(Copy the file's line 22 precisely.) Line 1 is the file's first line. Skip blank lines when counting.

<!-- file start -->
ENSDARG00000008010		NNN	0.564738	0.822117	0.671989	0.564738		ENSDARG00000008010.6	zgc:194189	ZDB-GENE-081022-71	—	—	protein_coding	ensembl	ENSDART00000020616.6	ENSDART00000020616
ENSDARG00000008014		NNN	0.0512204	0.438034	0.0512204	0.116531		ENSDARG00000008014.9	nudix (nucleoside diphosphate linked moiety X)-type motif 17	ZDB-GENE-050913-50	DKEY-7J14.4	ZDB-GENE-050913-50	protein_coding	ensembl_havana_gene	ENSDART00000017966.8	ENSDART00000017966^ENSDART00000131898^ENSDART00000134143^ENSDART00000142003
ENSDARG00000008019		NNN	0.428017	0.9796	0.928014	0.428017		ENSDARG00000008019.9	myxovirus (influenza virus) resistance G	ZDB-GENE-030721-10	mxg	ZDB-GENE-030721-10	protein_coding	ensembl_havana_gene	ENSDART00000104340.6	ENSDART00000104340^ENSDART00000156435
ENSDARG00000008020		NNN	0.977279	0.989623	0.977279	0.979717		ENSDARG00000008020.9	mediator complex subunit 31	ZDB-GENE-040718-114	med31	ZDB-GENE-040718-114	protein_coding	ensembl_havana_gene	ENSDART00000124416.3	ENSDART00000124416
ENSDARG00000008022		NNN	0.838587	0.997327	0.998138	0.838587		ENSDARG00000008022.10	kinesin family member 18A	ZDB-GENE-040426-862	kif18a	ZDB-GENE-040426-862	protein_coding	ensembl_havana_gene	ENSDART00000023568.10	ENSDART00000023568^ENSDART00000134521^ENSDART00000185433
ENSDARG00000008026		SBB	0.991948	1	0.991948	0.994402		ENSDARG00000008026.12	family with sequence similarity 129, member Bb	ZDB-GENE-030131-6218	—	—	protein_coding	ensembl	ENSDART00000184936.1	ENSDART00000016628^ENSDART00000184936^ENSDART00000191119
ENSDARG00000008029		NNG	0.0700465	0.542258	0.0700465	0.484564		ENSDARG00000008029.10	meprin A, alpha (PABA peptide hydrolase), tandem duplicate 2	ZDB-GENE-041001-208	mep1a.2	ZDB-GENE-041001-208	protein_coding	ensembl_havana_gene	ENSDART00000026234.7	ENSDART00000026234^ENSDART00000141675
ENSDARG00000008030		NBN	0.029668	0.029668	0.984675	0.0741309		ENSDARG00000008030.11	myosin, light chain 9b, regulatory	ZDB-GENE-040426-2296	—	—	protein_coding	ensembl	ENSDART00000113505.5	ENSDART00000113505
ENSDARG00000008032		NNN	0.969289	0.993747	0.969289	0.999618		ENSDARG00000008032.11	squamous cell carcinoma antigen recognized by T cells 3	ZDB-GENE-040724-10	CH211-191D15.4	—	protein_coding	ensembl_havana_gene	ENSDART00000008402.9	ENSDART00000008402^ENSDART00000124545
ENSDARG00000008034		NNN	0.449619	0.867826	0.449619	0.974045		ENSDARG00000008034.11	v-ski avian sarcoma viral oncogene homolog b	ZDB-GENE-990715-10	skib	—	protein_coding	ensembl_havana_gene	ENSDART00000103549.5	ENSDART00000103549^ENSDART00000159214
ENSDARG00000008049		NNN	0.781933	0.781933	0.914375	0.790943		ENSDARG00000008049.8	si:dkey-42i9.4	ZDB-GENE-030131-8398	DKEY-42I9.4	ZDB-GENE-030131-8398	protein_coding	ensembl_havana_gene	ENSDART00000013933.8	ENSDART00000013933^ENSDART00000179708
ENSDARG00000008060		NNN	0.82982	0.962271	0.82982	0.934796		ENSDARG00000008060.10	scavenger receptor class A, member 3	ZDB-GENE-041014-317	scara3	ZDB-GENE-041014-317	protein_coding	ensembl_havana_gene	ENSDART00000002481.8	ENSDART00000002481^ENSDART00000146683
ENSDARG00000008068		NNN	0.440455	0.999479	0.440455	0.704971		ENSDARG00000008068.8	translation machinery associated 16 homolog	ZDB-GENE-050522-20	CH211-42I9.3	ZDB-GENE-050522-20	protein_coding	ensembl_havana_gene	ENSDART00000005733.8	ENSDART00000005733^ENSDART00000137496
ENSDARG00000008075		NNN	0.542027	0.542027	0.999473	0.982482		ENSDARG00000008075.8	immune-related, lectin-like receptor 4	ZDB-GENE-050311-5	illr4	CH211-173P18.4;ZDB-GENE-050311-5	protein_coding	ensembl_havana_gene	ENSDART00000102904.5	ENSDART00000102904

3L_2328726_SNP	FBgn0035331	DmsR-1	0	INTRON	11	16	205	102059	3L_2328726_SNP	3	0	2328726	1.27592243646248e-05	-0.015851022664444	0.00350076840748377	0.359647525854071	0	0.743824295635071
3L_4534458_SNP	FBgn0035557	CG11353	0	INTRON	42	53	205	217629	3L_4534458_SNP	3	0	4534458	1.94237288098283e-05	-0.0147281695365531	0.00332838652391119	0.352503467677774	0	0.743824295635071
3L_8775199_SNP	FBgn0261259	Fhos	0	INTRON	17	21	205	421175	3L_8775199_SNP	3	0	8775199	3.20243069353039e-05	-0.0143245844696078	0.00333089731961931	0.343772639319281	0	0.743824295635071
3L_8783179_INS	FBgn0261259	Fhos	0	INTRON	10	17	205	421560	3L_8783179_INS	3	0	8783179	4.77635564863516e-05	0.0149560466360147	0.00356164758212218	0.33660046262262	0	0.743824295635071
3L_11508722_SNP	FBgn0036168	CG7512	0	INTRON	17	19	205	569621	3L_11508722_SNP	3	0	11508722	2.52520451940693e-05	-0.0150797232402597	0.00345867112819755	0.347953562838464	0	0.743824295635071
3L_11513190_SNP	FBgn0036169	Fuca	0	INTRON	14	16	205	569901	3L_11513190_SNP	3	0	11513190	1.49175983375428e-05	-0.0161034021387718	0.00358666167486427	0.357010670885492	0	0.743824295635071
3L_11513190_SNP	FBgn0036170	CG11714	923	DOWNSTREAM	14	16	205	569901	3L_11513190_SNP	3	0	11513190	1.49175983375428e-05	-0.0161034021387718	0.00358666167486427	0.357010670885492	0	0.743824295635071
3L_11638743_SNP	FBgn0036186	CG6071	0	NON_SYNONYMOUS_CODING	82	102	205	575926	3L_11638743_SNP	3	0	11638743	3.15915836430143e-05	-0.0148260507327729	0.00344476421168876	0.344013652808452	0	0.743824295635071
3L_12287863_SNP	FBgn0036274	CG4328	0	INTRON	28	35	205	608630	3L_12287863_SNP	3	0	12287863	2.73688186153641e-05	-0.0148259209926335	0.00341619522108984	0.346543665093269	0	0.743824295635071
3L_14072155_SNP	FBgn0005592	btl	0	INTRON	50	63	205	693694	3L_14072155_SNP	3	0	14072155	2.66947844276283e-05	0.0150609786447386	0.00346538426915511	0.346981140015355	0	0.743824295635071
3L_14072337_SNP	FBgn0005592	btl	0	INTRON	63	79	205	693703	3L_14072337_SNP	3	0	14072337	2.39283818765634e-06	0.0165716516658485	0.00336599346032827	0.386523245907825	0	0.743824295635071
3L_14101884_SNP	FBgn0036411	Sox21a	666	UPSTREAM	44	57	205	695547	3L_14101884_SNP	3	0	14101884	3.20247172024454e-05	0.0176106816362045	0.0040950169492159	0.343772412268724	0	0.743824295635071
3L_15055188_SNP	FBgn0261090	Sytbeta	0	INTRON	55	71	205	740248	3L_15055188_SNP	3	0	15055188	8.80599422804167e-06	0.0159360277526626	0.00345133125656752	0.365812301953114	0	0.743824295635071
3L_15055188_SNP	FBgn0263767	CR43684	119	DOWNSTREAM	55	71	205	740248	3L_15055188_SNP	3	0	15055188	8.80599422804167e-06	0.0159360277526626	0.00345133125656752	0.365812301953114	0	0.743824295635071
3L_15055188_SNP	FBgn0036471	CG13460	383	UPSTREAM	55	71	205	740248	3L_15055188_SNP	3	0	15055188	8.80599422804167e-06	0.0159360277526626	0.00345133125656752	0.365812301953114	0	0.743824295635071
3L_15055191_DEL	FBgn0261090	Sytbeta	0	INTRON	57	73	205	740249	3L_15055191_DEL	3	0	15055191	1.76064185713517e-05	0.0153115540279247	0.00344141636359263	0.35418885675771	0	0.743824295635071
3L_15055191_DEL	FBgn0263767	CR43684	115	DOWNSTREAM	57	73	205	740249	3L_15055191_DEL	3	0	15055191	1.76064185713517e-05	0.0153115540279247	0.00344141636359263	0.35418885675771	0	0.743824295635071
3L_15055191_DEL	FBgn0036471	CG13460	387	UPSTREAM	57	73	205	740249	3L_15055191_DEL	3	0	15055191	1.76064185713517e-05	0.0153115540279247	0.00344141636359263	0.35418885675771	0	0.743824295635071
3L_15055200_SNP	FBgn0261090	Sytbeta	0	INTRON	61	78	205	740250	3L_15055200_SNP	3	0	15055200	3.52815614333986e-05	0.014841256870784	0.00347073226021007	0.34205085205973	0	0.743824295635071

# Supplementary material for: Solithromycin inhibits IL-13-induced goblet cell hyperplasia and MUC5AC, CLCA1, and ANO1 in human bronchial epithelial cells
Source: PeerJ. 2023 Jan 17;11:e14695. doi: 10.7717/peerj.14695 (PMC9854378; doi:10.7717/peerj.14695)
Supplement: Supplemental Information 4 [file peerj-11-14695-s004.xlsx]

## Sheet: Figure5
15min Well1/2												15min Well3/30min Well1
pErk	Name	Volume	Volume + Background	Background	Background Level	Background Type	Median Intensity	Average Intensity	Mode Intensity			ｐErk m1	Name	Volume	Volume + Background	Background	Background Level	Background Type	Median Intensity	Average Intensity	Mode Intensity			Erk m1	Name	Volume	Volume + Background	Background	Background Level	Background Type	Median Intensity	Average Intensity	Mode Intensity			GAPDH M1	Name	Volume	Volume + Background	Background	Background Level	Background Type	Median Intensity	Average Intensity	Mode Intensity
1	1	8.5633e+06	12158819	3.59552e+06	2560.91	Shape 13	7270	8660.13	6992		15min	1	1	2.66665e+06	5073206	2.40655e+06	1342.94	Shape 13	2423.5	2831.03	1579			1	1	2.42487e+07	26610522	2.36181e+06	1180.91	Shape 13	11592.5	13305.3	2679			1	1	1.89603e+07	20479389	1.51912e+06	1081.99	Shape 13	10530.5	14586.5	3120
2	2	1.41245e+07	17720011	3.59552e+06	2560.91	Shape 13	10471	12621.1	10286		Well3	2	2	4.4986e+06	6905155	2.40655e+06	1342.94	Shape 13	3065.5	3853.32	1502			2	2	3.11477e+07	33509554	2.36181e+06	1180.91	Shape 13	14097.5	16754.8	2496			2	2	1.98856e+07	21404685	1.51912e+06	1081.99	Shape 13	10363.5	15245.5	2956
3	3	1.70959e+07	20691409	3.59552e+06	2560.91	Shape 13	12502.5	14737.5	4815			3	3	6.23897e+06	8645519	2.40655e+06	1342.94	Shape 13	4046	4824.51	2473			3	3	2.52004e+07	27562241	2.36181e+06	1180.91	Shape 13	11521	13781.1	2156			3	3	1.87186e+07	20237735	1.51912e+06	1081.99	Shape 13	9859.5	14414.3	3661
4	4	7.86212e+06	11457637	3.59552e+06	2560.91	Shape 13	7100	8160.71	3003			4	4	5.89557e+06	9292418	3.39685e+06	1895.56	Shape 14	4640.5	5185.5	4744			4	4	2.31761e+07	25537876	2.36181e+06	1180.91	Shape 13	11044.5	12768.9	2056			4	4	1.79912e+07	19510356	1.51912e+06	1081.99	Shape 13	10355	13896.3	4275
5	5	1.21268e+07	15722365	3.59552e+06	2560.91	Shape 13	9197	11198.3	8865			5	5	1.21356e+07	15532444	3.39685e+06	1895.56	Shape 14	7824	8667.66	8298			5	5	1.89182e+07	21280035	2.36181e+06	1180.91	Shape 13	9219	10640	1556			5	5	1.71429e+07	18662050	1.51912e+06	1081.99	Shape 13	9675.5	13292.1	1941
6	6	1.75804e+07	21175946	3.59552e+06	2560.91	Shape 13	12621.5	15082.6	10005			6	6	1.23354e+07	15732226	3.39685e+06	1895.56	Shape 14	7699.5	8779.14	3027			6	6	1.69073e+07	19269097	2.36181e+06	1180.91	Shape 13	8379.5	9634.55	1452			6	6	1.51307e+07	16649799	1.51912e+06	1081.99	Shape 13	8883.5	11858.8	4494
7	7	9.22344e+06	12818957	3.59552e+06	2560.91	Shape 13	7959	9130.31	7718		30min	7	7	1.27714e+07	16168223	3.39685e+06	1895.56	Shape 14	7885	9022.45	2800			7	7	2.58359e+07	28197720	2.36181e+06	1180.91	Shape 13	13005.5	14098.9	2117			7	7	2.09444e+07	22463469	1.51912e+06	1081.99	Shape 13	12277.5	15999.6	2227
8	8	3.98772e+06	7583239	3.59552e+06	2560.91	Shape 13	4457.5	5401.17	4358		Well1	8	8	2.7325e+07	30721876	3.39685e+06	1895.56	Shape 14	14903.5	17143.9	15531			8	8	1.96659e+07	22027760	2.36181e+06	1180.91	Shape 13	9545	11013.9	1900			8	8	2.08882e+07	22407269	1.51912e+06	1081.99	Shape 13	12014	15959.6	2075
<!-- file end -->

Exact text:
3L_11638743_SNP	FBgn0036186	CG6071	0	NON_SYNONYMOUS_CODING	82	102	205	575926	3L_11638743_SNP	3	0	11638743	3.15915836430143e-05	-0.0148260507327729	0.00344476421168876	0.344013652808452	0	0.743824295635071